I’ve barely been able to follow this little mini scandal in which Department of Agriculture employee Shirley Sherrod was forced to resign after falsely being accused of making antiwhite racist comments. I do note that the whole thing seems to be kicked off by conservative pundit Andrew Breitbart who first posted a video of Sherrod’s comments. Around 2003, when I first moved to LA, I attended some kind of blogging “salon”, and spent part of a coffee break with several people who were gathered around Beitbart as he expounded politics. (Also at the salon were Mikey Kaus, the contrarian Democratic blogger who recently ran in the Democratic Senate primary, several journalists from Reason magazine, and the Boi from Troi who was at the time a well-known gay Republican blogger.)
Now, I’m not going to use this post to comment on the Sherrod controversy, other than to say that it certainly embarrasses the Obama White House who overreacted by firing her, and Beitbart who may have finally bitten off more than he can chew. But, this event, by reminding me of that blogging salon, has made me realize how much the blogosphere has changed.
The advent of the blogosphere as an opinion center was the coalescence of two events in the early 2000s: one was simply the popularization of blogging technology like blogger.com; the second was the heated debates that arose out of the Iraq war. The war was a topic everyone had an opinion about, and blogging allowed them to easily express that opinion. Out of those debates, blogging stars arose: Instapundit, Andrew Sullivan, Daily Kos, Little Green Footballs, Talking Points Memo as well as a host of second and third tier bloggers. I remember being fascinated by these blogs, especially by their interrelated nature. Andrew Sullivan would make a comment and all the other bloggers would respond with their thoughts. They would form ever shifting alliances based on topics. (Instapundit and Andrew Sullivan are both essentially pro-gay marriage for example, but they have become bitter enemies over the Iraq war.) The individual blogs weren’t as interesting as the totality of the environment that they operated in. There was definitely something very “high school” about the whole thing.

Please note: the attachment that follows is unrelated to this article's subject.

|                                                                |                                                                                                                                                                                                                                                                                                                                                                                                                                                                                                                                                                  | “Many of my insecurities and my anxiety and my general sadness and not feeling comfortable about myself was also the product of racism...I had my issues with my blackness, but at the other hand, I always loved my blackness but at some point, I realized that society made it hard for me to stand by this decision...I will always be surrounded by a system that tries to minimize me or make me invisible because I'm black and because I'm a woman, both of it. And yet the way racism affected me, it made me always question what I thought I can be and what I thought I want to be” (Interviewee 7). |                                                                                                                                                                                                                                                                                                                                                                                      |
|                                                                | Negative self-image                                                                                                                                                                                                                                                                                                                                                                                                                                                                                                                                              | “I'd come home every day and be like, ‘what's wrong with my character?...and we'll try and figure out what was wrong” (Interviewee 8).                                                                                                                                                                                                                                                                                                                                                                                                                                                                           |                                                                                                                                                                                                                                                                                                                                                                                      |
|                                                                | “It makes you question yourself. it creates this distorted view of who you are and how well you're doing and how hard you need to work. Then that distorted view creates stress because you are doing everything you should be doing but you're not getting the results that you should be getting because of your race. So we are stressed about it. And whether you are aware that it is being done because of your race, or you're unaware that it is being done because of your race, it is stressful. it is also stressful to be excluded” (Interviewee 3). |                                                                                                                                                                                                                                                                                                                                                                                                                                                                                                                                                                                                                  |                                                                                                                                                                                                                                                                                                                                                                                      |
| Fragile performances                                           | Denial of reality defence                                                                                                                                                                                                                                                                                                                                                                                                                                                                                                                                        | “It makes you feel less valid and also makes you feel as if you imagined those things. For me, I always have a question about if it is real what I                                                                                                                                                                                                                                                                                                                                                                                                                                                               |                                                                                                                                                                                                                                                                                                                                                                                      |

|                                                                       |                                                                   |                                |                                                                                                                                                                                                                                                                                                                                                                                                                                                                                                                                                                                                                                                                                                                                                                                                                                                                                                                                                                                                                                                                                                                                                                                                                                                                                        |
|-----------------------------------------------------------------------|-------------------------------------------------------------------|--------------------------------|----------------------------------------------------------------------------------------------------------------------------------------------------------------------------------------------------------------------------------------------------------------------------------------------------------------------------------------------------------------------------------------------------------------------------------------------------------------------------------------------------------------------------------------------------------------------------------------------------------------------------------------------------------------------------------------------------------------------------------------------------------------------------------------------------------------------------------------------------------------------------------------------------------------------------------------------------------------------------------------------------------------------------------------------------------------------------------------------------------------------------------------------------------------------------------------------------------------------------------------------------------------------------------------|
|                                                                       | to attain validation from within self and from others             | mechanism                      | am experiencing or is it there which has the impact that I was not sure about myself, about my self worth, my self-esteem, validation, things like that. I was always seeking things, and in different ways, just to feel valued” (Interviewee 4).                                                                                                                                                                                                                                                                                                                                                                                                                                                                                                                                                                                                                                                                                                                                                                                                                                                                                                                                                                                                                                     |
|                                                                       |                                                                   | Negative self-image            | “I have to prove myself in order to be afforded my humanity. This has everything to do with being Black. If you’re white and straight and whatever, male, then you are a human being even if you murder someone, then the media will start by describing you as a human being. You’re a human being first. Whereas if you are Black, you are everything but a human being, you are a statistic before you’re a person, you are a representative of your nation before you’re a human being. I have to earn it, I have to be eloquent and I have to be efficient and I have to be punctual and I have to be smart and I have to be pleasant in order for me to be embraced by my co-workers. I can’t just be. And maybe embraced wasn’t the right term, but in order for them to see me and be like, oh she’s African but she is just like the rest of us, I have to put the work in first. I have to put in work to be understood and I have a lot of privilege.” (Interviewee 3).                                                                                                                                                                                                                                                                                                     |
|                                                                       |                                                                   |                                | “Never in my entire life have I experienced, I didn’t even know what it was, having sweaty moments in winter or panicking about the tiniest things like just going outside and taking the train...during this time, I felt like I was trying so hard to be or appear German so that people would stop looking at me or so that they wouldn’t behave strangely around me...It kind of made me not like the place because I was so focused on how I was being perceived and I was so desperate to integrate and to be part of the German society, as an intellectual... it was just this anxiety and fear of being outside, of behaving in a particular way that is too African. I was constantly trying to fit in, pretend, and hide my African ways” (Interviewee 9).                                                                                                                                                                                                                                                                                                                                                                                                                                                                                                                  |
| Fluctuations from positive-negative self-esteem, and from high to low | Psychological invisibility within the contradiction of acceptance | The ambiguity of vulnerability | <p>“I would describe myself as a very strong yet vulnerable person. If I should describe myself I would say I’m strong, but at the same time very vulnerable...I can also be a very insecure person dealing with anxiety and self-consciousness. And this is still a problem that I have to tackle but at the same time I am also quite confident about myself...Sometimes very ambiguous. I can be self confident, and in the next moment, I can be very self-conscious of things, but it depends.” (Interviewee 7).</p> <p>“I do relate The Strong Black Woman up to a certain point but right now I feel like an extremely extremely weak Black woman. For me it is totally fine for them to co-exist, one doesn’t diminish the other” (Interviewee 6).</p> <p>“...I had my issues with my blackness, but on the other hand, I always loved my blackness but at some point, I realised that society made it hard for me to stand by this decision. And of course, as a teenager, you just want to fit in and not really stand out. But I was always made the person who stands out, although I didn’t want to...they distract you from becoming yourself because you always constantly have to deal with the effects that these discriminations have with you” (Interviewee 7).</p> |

But I think that’s mostly over. I rarely read any of those blogs other than Andrew Sullivan, and I’ve been tapering off on even he. This is partly because the Iraq war has cooled, and I’m less interested in these pundits opinions on the latest Supreme Court justice or Sarah Palin. And theirs something about the inextinguishable supply of opinion the blogosphere generates that becomes overwhelming. In the same manner that the digitization of music created an endless tidal wave of MP3s, blogging has created such an onslaught of opinion that it became wearying.
As some know, I entered the world of web design in the mid-90s. It was a very interesting and exciting time to be involved in the Web, because it was a very new “art form” and still being defined. But, eventually it calcified into a fairly predictable series of formats and designs. This was inevitable, and necessary, but I miss those “Wild West” days — that era when you weren’t sure what direction things were going to go. I think the wild West is over for blogging as well. Bloggers have certainly become a political class, but there are limits to their power, as I think Breitbart is finding out.